daniel dennet: “thank goodness, not god on thanksgiving”
the Skeptic’s Circle: “The evolution of thanksgiving”
livescience: what humans should be thankful for (click ‘more’)
In this season of thankfulness, it’s a good idea to move beyond being thankful for more food than we could ever eat and more family than we could ever argue with and take stock of other issues in our lives that deserve a nod.
We are humans, and this species has a lot to be grateful for.
The first real human trait was bipedalism, walking on two legs, which appeared more than 4.5 million years ago. No one knows why we became bipedal, but walking upright allows us not only to cover a lot of ground in an efficient way; it also allows us to carry things, like shopping bags and purses, or a cooked turkey on a platter.
We also have very large and complex brains. All primates are pretty well endowed in this arena, but humans have the biggest brains of all in relation to body size. Although we might focus on some of the negative aspects of braininess—remembering embarrassing moments in the past, self-consciously wondering if our hair looks dumb, pondering death a little bit too much—all in all, being smart has got to be a good thing. It allows humans to solve problems, enjoy a good book and invent things to do with miniature marshmallows.
Humans can also be distinguished from apes by our tiny canines, which means we can chew gum or stuffing really well. We are also omnivores which means we are able to digest just about anything including family recipes made by Aunt Sally every holiday that would be rejected by a chimpanzee.
We do, however, share many characteristics with other primates, and if they could talk, they’d give thank along with us. There’s binocular vision—good for leaping through trees or dodging kisses from elderly relatives. And color vision is an advantage when looking about the forest for ripe fruit or in the grocery store through various flavors of JELL-O.
Humans also share with other primates a penchant for socializing. Monkeys spend hours grooming each other and humans spend hours talking about each other, mostly behind each other’s backs.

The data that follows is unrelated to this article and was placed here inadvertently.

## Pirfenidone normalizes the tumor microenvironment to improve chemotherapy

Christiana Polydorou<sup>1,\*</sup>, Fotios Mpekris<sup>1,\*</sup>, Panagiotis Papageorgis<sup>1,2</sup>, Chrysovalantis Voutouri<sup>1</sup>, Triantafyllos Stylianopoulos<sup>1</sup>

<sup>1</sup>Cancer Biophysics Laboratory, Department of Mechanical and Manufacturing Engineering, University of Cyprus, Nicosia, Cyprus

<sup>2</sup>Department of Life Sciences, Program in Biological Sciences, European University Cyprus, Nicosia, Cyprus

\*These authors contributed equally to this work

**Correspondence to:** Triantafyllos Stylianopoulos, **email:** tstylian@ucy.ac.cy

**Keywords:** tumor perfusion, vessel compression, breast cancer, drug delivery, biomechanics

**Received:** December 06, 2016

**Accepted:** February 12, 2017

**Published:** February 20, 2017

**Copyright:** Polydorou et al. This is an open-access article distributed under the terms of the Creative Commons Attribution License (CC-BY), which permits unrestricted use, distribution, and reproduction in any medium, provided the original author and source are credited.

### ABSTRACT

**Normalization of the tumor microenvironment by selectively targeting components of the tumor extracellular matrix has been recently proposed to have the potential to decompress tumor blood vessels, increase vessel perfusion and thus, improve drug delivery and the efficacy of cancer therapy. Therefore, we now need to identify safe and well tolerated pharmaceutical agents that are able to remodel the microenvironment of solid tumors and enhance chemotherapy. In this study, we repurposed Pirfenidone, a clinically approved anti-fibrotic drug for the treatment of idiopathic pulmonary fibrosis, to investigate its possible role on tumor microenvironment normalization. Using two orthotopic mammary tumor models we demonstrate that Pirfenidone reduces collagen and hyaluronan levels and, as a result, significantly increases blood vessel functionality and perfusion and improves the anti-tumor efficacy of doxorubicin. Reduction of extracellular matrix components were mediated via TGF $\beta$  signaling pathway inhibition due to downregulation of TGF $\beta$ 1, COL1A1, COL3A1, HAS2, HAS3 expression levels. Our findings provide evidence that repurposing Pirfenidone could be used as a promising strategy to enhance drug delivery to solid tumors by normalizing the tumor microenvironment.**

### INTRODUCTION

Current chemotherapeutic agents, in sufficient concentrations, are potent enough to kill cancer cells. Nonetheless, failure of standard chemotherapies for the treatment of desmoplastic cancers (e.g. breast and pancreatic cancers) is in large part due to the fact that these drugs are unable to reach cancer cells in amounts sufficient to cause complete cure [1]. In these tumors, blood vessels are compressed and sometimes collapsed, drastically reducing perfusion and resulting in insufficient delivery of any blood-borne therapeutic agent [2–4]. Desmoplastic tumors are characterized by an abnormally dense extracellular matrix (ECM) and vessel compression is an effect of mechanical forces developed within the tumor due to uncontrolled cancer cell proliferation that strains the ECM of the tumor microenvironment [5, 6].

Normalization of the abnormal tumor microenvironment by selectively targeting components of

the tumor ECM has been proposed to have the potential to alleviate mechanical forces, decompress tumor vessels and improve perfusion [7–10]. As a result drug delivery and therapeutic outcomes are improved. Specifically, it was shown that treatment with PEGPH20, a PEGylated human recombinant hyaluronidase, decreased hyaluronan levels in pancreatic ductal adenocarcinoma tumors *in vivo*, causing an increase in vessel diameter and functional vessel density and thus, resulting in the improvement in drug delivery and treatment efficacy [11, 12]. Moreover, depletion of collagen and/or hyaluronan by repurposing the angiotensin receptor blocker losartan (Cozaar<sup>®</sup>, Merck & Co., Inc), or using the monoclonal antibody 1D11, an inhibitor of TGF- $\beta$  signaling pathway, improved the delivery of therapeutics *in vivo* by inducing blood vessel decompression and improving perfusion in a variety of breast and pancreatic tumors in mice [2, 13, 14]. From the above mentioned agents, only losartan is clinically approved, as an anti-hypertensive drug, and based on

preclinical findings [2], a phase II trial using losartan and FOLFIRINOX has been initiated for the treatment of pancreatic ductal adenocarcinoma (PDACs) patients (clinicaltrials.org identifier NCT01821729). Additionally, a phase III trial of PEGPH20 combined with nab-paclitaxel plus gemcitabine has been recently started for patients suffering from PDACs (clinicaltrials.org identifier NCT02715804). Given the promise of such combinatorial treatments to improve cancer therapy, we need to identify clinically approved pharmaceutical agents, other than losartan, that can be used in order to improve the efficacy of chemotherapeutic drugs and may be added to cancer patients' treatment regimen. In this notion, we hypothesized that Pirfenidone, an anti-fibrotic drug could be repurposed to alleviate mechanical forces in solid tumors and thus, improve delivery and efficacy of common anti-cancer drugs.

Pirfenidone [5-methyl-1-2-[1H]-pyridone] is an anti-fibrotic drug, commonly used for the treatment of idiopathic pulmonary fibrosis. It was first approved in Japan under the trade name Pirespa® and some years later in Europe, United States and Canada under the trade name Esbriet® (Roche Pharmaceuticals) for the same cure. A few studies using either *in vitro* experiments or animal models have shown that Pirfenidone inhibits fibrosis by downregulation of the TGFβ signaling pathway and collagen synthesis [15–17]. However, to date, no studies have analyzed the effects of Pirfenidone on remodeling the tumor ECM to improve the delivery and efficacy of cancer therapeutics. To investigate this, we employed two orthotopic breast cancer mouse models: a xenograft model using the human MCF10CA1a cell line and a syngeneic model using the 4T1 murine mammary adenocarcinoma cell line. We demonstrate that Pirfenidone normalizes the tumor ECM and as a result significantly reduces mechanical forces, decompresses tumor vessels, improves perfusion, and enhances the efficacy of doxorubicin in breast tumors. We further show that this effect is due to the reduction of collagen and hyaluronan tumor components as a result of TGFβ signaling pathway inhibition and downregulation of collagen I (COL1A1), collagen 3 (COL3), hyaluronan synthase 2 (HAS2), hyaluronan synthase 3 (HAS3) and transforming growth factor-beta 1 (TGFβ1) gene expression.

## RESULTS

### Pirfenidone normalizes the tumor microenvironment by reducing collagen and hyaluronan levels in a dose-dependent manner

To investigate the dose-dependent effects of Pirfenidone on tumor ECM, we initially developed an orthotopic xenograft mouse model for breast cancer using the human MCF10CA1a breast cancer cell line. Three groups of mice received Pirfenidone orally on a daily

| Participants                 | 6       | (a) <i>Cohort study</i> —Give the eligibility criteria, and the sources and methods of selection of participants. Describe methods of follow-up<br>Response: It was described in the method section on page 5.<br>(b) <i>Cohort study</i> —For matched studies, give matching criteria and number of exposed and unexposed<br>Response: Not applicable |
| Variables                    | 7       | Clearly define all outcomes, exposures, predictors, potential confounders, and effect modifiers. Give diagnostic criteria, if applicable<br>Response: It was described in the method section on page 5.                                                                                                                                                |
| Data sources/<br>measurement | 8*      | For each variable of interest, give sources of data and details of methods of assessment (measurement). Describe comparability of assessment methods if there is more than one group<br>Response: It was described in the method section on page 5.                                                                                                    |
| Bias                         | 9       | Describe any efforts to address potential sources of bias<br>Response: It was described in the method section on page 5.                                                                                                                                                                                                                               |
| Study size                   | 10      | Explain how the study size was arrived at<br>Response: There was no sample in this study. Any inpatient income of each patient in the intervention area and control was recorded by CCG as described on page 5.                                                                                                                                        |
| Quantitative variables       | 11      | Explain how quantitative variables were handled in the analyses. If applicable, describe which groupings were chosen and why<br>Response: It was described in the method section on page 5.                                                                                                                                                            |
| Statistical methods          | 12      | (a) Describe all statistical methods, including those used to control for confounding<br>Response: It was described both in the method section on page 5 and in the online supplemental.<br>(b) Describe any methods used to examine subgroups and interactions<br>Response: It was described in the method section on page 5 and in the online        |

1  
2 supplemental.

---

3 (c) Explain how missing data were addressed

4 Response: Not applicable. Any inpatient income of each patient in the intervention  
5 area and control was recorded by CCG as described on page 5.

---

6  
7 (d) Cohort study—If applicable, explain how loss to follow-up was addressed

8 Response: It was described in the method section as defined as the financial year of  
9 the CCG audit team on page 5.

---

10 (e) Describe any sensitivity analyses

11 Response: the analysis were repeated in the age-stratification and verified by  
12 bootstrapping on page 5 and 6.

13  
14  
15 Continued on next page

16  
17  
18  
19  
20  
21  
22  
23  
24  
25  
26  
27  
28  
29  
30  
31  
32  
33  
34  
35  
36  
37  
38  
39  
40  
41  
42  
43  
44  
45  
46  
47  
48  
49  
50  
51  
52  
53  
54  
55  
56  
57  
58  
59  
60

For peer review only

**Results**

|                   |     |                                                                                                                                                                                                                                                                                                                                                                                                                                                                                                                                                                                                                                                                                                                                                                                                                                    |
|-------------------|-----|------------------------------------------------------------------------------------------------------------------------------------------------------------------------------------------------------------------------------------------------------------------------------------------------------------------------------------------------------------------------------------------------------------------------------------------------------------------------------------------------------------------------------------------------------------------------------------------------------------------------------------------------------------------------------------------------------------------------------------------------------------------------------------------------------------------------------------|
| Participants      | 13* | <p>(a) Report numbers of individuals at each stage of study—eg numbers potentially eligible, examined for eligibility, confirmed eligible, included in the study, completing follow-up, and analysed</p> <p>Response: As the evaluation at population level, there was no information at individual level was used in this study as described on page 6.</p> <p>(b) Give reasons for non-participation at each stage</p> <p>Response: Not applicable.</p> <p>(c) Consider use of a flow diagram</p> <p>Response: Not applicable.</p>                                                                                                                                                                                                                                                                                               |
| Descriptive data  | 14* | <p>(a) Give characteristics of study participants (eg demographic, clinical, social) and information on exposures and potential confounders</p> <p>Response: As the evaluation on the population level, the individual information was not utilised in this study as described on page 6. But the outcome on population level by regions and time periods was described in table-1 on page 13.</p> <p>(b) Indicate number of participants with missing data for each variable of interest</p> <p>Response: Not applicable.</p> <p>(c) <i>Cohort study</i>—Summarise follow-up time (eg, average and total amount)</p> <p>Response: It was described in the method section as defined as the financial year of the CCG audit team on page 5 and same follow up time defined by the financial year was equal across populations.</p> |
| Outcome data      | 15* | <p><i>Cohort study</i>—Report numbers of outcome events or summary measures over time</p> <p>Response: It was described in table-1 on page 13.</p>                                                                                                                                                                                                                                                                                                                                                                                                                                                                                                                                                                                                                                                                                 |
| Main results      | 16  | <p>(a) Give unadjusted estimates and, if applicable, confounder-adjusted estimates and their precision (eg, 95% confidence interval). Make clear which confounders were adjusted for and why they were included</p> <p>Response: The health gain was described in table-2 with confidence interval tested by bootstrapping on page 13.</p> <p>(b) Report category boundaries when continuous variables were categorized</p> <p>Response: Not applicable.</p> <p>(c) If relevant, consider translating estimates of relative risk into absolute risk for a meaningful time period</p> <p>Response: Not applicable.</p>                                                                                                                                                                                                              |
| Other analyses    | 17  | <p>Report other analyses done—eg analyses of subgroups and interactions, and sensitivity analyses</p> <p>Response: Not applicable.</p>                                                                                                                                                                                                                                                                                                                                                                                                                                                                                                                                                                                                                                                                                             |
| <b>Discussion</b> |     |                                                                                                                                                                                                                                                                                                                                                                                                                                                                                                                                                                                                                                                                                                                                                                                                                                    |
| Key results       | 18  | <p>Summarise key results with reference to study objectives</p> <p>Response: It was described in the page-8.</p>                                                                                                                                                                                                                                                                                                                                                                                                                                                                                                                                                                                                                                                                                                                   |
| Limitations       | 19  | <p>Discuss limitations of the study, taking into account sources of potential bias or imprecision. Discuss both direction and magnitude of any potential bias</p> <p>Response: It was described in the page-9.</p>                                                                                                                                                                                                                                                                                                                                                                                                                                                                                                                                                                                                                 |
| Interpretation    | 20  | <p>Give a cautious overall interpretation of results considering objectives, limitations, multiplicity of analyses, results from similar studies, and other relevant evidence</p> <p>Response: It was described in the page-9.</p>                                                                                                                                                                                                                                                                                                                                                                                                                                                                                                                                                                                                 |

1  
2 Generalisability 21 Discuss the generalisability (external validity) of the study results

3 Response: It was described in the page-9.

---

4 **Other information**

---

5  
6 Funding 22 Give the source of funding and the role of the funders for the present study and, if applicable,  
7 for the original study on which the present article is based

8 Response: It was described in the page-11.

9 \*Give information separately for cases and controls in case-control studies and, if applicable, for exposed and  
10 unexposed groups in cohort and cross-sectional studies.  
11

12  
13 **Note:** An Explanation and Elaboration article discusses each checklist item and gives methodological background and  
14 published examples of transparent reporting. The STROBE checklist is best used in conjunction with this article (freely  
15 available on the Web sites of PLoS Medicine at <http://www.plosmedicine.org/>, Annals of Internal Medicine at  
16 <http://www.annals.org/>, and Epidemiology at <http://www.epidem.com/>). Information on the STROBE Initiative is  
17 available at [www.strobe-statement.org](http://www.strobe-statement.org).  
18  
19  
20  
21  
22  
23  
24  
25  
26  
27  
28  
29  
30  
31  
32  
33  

All primates also display complex layers of social relationships. We make strategic alliances with those around us, establish close friendships that are critical for survival and depend on kin, especially to bring the cranberry sauce.
We primates also have the same sort of kids—ones that are born dependent on their elders and stay that way for years. This might not always seem like something to be grateful for, from the parents’ point of view, but it also means human parents get to hold our babies, cuddle with them and try all sorts of funny faces to make them smile. Since primate kids can’t forage well on their own, parents also get to feed them interesting things such as mash potatoes with gravy and pumpkin pie, and see how it looks sliding down the walls.
Of course, we share another particular parenting trait with lots of other animals that, I’m sure, would like to join us in saying, “Thanks for the mammaries.”
Meredith F. Small an anthropologist at Cornell University. She is also the author of “Our Babies, Ourselves; How Biology and Culture Shape the Way We Parent” (link) and “The Culture of Our Discontent; Beyond the Medical Model of Mental Illness” (link).